Once you find all your documentation for all your components, start Googling for info. Get on any M Audio groups or sites, and see if there seems to be a recurring problem with that particular combination. See if Sound Forge has any problems with any particular component or combination.

    The problem here is that, as stated earlier, nearly nobody has the same exact combination of hardware/software on their computer...unless it's a cloned brand name directly out of the box. Once YOU tweak ANYthing...add a component, add a piece of software, etc., you have basically changed the computer into its own unique beast.
    Hardware and software makers cannot possibly test their products on every conceivable configuration. It just cannot be done. It's possible that you can make ONE change in a setting, and it affects something else.

    So, list what you have, and possibly search on your own for clues. I'm guessing it's a problem that may be easy to narrow down, but may cause a bit of expense to remedy. Or not. You may have to get another motherboard, different RAM, etc., if you want to continue to use a certain product. You may have to only download different drivers/firmware. It may be a simple BIOS setting that needs changed. You may have to change the brand of audio interface if you want to continue to use your currently configured computer.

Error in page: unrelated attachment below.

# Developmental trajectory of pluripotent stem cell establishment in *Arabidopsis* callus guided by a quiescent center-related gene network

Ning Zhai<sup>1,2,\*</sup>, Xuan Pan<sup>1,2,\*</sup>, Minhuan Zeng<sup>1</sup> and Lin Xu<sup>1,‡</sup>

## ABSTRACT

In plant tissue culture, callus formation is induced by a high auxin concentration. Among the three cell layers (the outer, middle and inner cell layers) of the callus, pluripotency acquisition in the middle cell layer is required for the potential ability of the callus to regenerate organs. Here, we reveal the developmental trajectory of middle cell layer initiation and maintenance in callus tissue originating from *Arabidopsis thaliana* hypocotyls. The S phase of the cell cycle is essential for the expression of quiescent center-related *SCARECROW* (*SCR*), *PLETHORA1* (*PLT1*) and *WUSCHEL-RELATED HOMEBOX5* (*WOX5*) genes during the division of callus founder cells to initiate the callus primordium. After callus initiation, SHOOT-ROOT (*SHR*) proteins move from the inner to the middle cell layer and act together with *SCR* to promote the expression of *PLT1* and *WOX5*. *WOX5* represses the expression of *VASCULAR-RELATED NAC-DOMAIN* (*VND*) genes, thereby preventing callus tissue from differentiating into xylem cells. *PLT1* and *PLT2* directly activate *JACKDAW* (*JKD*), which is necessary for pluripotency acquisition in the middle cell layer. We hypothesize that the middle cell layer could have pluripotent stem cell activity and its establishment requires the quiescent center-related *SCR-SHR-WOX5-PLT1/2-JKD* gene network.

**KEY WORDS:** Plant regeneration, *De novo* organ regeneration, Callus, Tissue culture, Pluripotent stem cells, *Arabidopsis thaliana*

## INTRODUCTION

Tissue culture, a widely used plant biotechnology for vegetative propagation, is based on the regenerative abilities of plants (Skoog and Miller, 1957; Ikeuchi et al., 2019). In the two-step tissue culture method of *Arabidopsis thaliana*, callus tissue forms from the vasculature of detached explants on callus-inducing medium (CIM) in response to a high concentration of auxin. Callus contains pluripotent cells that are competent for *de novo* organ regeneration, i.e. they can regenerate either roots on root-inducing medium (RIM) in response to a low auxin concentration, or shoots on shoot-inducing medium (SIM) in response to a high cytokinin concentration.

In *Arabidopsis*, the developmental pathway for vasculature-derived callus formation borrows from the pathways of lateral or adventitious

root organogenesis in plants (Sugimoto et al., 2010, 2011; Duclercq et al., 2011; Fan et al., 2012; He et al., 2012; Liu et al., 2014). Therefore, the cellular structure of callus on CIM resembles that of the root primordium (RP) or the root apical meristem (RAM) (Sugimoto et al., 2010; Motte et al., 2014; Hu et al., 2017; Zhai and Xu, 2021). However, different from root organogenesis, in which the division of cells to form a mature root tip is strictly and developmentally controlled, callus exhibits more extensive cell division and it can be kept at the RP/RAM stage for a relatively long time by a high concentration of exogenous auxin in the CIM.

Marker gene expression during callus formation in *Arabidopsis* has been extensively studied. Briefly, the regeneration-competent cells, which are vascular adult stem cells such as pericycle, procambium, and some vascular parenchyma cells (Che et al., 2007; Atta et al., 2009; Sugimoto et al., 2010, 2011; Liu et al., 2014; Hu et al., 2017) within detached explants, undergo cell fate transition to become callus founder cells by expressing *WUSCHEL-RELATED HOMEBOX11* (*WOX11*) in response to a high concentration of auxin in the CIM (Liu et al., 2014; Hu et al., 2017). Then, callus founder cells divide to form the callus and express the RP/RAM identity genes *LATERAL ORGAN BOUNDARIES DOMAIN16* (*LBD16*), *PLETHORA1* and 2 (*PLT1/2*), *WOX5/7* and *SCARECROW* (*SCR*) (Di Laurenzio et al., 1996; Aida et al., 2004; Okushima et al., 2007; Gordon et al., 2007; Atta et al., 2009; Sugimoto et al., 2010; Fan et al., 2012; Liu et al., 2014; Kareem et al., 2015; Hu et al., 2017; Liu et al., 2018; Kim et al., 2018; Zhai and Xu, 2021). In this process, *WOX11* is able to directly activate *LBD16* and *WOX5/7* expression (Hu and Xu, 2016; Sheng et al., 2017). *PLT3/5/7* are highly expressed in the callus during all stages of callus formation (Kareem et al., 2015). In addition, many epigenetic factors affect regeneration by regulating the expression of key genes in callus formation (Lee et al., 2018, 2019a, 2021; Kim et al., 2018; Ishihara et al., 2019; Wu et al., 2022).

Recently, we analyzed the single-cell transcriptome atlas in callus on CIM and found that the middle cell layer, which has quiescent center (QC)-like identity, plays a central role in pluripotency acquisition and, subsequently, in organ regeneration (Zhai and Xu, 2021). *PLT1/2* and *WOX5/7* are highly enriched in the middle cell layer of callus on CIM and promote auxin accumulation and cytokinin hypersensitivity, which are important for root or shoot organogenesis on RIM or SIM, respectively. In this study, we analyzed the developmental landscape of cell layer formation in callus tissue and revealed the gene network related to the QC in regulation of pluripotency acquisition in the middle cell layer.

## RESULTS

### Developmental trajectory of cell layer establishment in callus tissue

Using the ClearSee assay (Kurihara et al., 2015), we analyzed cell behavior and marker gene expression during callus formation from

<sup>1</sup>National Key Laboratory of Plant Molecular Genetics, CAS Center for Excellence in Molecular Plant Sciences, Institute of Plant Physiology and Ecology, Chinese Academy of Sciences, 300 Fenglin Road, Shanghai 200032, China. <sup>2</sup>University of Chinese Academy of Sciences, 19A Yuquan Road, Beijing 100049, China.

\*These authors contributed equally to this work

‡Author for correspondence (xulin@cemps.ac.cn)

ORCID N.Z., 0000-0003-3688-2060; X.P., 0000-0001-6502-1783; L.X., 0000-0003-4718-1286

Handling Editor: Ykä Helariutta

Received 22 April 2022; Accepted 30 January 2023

Once all that has been cleared and remedied (or ruled out), then you know it has to be settings in your DAW and/or interface, or somewhere else in your computer. Diagnosing problems is sometimes more ruling out what it probably ISN'T, then trying to poke around to focus on what it IS. A bad cap on the motherboard is an obvious and quick diagnosis. Most of the time we don't have that luxury, so it's helpful sometimes to work backwards and decide what it AIN'T.

    Hope this helps. Good luck.

    Kapt.Krunch 8)
  11. AudioGaff

    AudioGaff Distinguished Member

    Feb 23, 2001
    Silicon Valley
    If you desire or are interested in best possible problem free performance, it is ALWAYS best to dedicate/optimize/configure your PC for only audio work plain and simple.

    * Goto Start - All Programs - Accessories - System Tools - System Information.
    * Click the + next to Hardware Resources.
    * Click on Conflicts/Sharing
    * If you see you audio interface listed unders Devices catagory, then you have a conflict of some kind, likely IRQ related.

    * Post the results or a picture of that window.

    * If you have not already done so, get M-audio tech support a call. I would also go to their website looking for user forums or knowledge base articles that may6 be of help.